Of all branches of the art of which we are about to treat there is not the remotest doubt that the plan of taking the denizens of the waters with the artificial fly is the most difficult, the most skilful, and at the same time the most enjoyable method. To become really an adept at the art requires the practice and experience of a lifetime; and although proficiency may without doubt be attained without opening a book on the subject, yet, on the other hand, many useful hints may be given and many suggestions made which may materially assist the beginner; and as example, as in most things, is generally more valuable and useful than precept, it is especially so in this, and an hour or two's careful attention to the instructions of a good fisherman will do more than days of study, if those instructions be practically given at the river-side.
As we must all learn to walk before we can expect to run, we think it advisable to defer further allusion to the art of fly-fishing until we have given some little instruction in that of the more common method of angling called "bottom fishing," and to this we shall now beg our young readers' attention. It consists, as its name implies, in taking fish under or at the bottom of the water with a baited hook; and although it bears no comparison with the art of fly-fishing, yet it requires no little skill, practice, perseverance, and patience in order to become a really good hand.
We will now proceed to give our young friends a list of a few necessary articles, in order to enable them to commence their sport, and then, as we proceed, point out in as clear a manner as possible what we consider the best methods of taking the different kinds of fish which may be found in most of our English rivers, and as we proceed in the different modes of fishing, also point out what further articles are requisite.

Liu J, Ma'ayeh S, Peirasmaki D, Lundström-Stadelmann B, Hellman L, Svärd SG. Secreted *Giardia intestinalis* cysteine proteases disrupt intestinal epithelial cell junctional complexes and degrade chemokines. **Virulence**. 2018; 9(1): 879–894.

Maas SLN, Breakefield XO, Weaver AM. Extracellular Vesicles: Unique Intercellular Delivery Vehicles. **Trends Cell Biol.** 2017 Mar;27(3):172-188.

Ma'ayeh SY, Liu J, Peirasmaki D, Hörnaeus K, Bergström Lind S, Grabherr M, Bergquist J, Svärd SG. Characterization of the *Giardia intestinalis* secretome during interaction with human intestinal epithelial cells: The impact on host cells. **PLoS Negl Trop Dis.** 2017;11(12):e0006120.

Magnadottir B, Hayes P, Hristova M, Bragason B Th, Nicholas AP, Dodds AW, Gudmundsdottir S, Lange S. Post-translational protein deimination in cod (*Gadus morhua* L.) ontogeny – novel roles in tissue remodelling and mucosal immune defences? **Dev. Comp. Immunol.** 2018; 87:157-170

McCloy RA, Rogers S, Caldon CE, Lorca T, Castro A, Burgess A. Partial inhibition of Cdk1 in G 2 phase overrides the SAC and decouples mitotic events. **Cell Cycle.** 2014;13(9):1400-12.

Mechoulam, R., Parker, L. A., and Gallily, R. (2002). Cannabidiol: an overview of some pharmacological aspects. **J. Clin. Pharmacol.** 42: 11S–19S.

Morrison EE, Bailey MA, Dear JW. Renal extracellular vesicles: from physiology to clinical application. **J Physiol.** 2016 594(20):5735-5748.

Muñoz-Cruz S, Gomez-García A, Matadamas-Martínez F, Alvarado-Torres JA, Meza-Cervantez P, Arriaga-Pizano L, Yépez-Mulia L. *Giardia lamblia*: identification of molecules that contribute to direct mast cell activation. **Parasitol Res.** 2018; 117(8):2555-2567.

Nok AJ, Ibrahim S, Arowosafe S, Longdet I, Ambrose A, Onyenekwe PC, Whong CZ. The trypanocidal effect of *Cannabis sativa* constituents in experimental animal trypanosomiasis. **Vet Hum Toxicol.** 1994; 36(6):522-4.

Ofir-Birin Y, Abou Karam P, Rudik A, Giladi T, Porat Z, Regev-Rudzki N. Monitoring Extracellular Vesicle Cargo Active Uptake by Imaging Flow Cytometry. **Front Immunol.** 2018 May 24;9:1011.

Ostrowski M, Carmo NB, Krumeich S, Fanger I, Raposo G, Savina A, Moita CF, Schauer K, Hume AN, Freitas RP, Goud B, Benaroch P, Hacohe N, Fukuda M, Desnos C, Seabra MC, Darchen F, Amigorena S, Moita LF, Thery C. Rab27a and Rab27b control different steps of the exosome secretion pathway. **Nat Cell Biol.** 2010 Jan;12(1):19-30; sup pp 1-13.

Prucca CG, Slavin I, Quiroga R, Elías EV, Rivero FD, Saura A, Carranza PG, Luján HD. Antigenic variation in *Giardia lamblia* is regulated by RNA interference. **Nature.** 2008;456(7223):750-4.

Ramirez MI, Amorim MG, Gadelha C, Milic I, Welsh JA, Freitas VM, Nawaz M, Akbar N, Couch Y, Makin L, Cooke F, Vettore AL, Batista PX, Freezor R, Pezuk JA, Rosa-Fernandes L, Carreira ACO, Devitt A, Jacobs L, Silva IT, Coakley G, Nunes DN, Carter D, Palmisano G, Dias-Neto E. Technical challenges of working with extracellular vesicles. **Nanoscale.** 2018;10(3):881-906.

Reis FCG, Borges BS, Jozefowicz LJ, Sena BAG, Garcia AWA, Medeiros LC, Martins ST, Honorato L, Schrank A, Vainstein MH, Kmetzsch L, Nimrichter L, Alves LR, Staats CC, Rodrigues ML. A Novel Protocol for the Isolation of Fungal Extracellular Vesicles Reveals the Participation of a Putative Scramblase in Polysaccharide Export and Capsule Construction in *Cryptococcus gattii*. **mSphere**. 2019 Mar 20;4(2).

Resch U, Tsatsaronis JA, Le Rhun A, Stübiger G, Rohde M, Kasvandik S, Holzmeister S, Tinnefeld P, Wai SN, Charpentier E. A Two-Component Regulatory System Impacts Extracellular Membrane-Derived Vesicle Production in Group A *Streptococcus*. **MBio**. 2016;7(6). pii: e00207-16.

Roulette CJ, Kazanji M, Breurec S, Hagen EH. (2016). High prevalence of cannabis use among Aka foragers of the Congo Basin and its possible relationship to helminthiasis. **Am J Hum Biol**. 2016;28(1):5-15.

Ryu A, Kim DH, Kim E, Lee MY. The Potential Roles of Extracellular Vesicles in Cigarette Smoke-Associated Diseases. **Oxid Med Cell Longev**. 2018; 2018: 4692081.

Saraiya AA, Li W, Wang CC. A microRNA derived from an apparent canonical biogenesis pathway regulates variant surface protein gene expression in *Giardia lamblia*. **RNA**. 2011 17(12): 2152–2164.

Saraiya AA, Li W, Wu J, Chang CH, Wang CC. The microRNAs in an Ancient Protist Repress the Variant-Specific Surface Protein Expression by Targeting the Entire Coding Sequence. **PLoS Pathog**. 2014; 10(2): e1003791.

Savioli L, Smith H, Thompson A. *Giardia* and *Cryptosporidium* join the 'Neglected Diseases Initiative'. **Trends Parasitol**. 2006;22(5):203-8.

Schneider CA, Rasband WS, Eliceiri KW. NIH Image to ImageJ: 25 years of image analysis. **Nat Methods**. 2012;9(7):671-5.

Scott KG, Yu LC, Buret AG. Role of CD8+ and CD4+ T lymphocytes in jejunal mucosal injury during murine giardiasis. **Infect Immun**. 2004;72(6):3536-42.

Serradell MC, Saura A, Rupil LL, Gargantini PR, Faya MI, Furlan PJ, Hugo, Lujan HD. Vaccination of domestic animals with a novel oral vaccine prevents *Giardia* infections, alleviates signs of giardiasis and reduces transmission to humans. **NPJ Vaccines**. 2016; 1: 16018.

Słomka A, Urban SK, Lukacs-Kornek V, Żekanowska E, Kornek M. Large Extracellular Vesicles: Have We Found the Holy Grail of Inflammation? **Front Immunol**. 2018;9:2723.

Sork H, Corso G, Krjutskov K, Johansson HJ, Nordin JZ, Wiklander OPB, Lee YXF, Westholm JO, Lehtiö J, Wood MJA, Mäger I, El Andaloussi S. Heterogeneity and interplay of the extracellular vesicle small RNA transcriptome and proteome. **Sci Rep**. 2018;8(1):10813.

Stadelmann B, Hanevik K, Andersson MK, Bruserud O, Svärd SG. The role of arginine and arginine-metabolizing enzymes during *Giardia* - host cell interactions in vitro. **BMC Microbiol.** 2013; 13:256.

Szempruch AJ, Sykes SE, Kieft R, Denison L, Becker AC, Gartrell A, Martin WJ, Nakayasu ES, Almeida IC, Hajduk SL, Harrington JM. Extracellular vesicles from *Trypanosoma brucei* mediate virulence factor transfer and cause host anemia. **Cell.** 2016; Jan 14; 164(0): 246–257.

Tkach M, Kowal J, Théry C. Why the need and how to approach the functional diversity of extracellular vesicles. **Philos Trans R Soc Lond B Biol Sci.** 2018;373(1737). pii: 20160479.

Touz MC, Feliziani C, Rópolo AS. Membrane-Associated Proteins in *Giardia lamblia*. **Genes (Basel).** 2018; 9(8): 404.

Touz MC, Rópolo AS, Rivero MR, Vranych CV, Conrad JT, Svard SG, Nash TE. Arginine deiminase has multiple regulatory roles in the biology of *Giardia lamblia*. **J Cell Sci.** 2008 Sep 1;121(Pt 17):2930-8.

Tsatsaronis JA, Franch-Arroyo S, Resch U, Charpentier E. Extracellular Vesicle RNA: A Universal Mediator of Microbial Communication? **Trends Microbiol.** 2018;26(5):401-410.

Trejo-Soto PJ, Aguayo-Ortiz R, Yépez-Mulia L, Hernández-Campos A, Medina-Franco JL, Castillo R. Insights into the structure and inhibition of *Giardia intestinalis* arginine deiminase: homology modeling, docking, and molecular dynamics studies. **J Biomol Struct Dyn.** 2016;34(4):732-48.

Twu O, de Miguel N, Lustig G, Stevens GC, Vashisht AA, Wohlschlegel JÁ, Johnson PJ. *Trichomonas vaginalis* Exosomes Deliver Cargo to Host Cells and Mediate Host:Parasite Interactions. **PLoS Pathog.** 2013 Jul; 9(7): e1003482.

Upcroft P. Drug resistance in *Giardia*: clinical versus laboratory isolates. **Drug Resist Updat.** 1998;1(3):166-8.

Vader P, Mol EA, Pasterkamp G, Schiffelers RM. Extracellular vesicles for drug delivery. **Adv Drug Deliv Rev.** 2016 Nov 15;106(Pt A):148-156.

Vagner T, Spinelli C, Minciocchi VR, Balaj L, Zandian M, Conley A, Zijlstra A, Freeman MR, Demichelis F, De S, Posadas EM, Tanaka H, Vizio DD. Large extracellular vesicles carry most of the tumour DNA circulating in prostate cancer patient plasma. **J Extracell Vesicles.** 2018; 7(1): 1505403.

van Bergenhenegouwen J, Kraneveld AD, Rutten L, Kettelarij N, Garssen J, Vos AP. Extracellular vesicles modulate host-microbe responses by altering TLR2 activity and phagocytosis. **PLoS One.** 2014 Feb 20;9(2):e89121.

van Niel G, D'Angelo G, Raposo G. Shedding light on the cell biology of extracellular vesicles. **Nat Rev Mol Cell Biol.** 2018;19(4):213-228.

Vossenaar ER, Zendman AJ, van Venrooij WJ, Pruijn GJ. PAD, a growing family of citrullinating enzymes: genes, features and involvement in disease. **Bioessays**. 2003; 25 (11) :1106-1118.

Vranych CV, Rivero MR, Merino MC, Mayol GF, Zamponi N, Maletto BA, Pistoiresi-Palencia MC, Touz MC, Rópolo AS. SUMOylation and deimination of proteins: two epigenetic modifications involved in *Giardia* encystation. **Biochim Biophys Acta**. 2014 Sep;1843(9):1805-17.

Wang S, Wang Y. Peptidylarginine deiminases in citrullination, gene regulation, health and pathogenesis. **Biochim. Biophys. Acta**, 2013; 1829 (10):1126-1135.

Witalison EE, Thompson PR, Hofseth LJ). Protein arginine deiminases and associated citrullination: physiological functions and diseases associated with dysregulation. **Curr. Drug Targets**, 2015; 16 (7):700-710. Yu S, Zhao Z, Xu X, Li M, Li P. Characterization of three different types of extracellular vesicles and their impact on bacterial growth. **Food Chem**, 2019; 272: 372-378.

There are various methods in use among anglers of joining lines, gut, &c, together. The common kind of knot known as the Fisherman's Knot is the most generally in use (Fig. l). When the two ends are drawn tight, it is perfectly secure though easily undone, and this is its greatest recommendation. It may be nicely bound with waxed silk, and if the meshes are left about oneeighth or one-sixteenth of an inch apart, in case of a sudden strain by a heavy fish, the silk between the meshes acts as a kind of buffer, and the line, therefore, is less likely to break. The Sailor's Knot (Fig. 2) is also very useful, though perhaps not quite so neat as the other. It is made in this way: Cross the two ends between the left forefinger and thumb, the end pointing to the left lying at the top of the other; it must be then bent backwards to the other end towards the body, until both ends meet in opposite directions underneath. The Weaver's Knot (Fig. 3) is a more secure knot than the above, though not so neat. It is made in this way: The ends must be crossed between the thumb and forefinger of the left hand, but the end pointing to the right must lie at the top in this case; the piece belonging to the opposite end is then carried over the thumb at the back of the left end, and brought between the two ends until it can be held between the finger and thumb; the right end is pushed through the loop, and the knot stands as shown in the engraving.
A good Rod for bottom fishing, not less than 14 feet long, having one or two extra tops.
A plaited Silk Running-line about 40 yards long.
Three or four twisted Hair and Gut Lines, about 4 yards long, to attach to the running-line.
Hooks of various sizes, up to No. 12, tied on the best gut.
A quantity of Split Shot, of various sizes, for sinking the bait.
A pair of small Pliers for putting on the shot.
Some extra Caps, made of quill, for fastening the float to the line.
A piece of India-rubber (which never be without), the use of which will be described hereafter.